What the New Year might bring

When I was younger I made resolutions. They were always sort of silly, though I didn’t think so at the time. Mostly stuff anyone ought to do as a matter of course. Lose twenty pounds, stop fighting with my little brother, be nicer to my friends. Like that. I’ve come to believe as I grow older that perhaps we ought to set some goals for ourselves each new year and consider them fulfilled if we managed to attain one or two. And forget those resolutions we’re only going to break before January is gone.

I’m a list maker and a bit obsessive compulsive about my life. I want to know what I’ll do each day, hate it when someone calls and asks me to do something that isn’t in my plans for the day or week. So with that in mind, my goals for the new year will go on a list. It’s a given that the more we expect of ourselves, the more we’ll accomplish. And even if we don’t check them all off at the end of the year, perhaps we’ll fulfill more of our wishes than if we just trailed along doing whatever comes up.

Obviously, we’re not all alike, so this method will not suit everyone. First organize each day of the week. Then make room for extra tasks. As writers we know we must first and foremost WRITE every day. I do take Sunday off to loaf, watch movies or visit with family or play in the yard. Whatever suits my fancy.

As anyone of you who keeps up with my blog, you see that this is my first entry since Dec. 8, more than 20 days ago, so obviously I found something else to do on those Monday’s when my calendar says Promo; Blogs; Etc. Written there the past few weeks in red was prepare for the holidays. On Tuesday the calendar tells me to write my column and once a month an additional column. Then the remainder of the work week is for WIP. For those of you who haven’t been in this business very long, that means Work In Progress.

Beginning January 1, I’ll be back on that schedule. Since Christmas I’ve been recovering from the holiday. Spouse and I don’t do much for New Year’s anymore, just fall asleep in front of the TV waiting for the ball to drop on Times Square, then trail off to bed murmuring Happy New Year to one another.

Thankfully, the coming year should prove to be exciting, for I’m working on two books that are contracted. There’ll be much research, much local traveling and interviewing, picture taking and the gathering of information in general, as well as putting the books together. I’m grateful to have this opportunity with the book business in such disarray. A third contract looks to be in the offing for a book not due for a while. All of these with small publishers.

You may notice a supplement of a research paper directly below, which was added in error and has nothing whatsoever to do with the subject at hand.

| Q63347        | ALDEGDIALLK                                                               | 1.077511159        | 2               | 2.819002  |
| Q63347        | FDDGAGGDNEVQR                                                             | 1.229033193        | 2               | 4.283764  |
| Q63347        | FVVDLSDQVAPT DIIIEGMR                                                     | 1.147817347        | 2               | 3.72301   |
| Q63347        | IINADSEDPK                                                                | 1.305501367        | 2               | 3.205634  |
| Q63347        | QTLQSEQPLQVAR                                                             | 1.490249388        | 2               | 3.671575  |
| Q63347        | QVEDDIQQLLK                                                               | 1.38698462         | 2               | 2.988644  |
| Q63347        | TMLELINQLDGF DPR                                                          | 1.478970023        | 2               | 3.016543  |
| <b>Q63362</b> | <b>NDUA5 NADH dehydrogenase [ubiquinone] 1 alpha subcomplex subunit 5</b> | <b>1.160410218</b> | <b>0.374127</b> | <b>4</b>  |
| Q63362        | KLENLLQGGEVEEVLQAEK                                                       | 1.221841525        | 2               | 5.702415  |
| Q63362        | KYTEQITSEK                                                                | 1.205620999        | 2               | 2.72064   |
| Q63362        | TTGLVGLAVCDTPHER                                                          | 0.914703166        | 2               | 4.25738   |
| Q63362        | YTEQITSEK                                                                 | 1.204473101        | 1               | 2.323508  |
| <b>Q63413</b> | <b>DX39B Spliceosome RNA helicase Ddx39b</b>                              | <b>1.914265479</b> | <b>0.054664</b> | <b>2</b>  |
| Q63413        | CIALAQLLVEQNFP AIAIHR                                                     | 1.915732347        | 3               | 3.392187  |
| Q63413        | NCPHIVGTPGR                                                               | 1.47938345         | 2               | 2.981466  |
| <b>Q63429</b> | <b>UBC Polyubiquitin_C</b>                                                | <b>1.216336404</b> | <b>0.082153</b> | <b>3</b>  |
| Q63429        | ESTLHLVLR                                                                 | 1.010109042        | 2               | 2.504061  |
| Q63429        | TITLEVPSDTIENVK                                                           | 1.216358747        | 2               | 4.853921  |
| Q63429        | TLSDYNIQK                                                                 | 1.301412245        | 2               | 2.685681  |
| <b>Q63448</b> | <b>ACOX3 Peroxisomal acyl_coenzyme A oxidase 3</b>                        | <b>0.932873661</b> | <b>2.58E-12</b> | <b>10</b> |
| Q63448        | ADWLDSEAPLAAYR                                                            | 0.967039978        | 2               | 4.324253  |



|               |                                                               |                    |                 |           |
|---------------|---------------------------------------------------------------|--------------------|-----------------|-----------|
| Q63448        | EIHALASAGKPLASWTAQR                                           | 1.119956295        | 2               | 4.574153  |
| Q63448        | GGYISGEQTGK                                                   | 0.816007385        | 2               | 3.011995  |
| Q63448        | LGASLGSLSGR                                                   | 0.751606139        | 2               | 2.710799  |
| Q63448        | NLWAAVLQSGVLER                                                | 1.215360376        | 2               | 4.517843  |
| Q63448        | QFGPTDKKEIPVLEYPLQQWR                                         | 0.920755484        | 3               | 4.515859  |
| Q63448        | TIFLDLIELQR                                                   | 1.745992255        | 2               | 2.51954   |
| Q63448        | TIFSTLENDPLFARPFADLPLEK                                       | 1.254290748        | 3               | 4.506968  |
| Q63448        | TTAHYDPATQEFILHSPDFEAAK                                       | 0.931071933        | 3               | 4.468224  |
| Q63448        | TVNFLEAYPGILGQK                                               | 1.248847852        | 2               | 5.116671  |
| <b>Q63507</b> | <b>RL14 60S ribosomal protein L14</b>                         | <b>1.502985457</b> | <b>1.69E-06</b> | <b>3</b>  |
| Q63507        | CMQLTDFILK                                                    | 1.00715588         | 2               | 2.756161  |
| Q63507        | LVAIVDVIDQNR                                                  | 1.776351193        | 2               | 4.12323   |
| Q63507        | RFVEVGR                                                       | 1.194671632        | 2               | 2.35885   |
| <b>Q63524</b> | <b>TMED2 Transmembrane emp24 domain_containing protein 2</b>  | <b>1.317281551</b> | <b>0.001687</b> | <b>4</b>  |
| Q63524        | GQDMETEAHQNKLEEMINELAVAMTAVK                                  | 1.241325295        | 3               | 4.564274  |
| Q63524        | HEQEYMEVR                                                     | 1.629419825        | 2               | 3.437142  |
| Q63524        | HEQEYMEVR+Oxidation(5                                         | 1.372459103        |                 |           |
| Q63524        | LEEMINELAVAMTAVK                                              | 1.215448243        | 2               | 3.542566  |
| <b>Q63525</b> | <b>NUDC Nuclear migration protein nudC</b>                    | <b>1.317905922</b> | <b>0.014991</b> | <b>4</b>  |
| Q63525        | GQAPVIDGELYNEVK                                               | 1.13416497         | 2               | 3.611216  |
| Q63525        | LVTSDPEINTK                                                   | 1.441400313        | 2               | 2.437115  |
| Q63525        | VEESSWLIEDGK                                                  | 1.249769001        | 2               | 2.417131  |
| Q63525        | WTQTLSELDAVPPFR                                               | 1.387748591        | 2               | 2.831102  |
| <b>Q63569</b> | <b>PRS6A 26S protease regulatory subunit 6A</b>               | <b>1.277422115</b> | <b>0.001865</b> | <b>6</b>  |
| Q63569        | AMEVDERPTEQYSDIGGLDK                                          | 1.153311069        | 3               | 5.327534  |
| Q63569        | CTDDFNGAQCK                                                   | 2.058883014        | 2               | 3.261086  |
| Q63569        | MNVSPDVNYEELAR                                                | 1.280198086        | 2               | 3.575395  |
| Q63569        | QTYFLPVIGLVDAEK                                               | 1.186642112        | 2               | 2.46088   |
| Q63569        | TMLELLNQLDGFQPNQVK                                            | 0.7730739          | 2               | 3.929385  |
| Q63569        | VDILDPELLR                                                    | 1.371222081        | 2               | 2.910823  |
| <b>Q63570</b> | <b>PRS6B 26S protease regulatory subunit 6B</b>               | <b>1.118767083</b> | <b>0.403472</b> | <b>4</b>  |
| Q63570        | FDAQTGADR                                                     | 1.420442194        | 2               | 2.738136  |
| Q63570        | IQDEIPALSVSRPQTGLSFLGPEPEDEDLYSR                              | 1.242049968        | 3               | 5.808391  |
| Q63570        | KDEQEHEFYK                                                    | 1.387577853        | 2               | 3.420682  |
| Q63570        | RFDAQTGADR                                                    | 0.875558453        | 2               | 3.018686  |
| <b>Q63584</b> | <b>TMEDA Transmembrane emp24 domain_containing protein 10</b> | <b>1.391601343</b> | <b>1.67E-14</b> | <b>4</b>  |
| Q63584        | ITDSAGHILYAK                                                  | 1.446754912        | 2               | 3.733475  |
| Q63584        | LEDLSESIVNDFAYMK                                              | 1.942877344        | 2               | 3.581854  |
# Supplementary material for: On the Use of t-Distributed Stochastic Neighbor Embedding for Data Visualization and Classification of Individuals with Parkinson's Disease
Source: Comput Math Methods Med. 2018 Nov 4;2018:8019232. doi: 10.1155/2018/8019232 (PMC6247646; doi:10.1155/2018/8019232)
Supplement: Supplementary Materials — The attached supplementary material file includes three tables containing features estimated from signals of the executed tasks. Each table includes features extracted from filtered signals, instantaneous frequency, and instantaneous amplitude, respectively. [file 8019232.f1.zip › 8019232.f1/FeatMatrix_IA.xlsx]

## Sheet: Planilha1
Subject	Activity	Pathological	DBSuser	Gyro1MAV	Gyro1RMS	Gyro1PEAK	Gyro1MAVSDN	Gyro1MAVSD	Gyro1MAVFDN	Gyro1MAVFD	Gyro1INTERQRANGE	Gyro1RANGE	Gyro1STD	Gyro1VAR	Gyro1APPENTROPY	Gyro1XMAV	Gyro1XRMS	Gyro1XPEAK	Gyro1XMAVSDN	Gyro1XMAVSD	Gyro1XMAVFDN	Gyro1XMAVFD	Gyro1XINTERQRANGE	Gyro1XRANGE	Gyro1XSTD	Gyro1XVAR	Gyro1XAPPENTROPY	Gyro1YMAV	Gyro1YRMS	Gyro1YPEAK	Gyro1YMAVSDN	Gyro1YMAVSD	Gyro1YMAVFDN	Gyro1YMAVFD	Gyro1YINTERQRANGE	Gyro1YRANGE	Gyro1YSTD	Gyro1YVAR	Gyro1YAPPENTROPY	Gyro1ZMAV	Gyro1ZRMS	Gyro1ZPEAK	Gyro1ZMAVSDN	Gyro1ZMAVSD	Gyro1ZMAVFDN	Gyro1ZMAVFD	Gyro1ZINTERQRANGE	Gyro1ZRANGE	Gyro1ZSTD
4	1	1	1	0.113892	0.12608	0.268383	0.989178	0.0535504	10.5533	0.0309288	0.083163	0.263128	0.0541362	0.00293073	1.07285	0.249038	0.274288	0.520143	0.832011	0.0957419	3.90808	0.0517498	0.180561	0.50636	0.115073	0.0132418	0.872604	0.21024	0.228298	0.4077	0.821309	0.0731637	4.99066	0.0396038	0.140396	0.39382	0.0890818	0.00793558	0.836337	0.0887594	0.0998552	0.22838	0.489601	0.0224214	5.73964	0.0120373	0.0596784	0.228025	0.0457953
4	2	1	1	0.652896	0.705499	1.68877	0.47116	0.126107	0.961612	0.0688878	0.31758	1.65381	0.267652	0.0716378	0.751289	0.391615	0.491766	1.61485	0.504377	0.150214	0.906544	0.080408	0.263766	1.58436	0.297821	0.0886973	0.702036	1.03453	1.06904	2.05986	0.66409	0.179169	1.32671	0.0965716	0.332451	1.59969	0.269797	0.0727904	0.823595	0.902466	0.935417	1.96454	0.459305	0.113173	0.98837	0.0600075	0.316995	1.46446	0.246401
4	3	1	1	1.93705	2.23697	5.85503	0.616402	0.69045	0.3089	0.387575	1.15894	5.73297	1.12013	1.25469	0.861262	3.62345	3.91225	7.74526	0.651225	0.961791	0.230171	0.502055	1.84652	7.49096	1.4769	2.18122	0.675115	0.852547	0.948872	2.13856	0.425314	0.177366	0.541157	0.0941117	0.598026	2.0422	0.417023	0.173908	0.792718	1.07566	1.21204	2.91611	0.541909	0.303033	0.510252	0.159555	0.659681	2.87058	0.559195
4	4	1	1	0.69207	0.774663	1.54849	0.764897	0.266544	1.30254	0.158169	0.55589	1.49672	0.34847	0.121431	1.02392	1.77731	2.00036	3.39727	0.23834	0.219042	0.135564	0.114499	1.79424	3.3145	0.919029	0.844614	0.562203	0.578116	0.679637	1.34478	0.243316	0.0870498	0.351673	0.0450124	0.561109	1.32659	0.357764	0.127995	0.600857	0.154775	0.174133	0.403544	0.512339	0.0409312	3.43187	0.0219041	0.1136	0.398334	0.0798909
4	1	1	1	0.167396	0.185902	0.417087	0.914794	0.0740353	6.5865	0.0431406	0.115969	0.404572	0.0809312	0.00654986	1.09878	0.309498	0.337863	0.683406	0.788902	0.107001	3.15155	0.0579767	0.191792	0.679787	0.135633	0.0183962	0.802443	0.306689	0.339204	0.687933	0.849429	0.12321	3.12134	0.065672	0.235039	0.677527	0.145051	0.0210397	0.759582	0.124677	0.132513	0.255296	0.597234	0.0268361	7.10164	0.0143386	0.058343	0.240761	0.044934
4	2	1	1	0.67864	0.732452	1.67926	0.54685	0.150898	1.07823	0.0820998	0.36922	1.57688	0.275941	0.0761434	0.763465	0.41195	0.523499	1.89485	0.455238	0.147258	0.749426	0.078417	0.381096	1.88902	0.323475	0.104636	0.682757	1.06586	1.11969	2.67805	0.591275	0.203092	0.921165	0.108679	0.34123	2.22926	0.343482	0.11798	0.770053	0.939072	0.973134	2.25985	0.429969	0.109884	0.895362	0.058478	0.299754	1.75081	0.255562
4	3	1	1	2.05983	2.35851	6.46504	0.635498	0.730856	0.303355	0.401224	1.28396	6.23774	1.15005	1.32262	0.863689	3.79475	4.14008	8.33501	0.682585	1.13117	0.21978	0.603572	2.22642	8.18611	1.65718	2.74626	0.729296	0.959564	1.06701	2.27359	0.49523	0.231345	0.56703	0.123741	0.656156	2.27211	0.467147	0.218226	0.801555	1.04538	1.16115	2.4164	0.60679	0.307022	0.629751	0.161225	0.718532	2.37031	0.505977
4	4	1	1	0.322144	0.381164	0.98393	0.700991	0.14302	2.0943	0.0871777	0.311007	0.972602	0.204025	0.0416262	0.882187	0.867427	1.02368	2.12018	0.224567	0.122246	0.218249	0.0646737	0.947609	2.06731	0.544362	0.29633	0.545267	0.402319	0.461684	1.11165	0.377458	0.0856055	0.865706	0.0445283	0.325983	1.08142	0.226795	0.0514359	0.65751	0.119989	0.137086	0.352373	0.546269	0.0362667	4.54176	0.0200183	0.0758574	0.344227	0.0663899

I can’t urge you enough to pitch your ideas to these people who aim their books at specific audiences, especially while the New York fiction markets are floundering about.

I live in the Boston Mountains of the Ozarks. For 20 years I’ve interviewed and written about people whose families have lived here for generations. Their history is unique and heart warming, and their stories extremely poignant, humorous and filled with adventure. To my delight, things that happen in the Ozarks are extremely popular. One publisher told me, “Put Ozarks in the title and it’ll sell.” Who knows what causes these shifts in popularity.

The two books I’m currently writing have Ozarks in the title. One is about the lost communities of the area, how the people lived, loved, played and worshiped; the other is a book of recipes from the Boston Mountains, some stories, the history of the food culture, and pictures. They’re a perfect match for each other, in that I can probably gather information and write them at the same time.

If you have an expertise there are probably some small publishers out there just waiting for your pitch. Oh, yes, I know. Fiction is so much fun to write. I agree, and I have a lot of fiction floating around out there, looking for a home. But nonfiction is where the sales are at, so you might as well get in on it. What do you do? How do you do it? Wouldn’t someone like to know the answer to those questions? Check it out. Make some goals, lists, or whatever it takes to make this new year one of your best yet. And if you don’t do anything else in the coming year, Network. That’s where you’ll learn what’s hot and what’s not.

Happy New Year to you and yours.

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About veldabrotherton

I'm primarily a writer, but I also speak and teach workshops and co-chair a large critique group. My brand is SexyDarkGritty and that applies to my western historical romances, mysteries, women's fiction and horror novels. After almost 30 years in this business, I still have something to learn and attend conferences to network with other writers, publishers, editors and agents.
This entry was posted in books, Boston Mountains, food, history, lists, New Year, nonfiction, Ozarks, recipes, resolutions. Bookmark the permalink.

One Response to What the New Year might bring

  1. Thanks Velda! I love the idea of setting goals for the new year rather than making resolutions. I’m going to have a special list of writing goals that encompass all areas of the writing business – especially those areas I routinely avoid.

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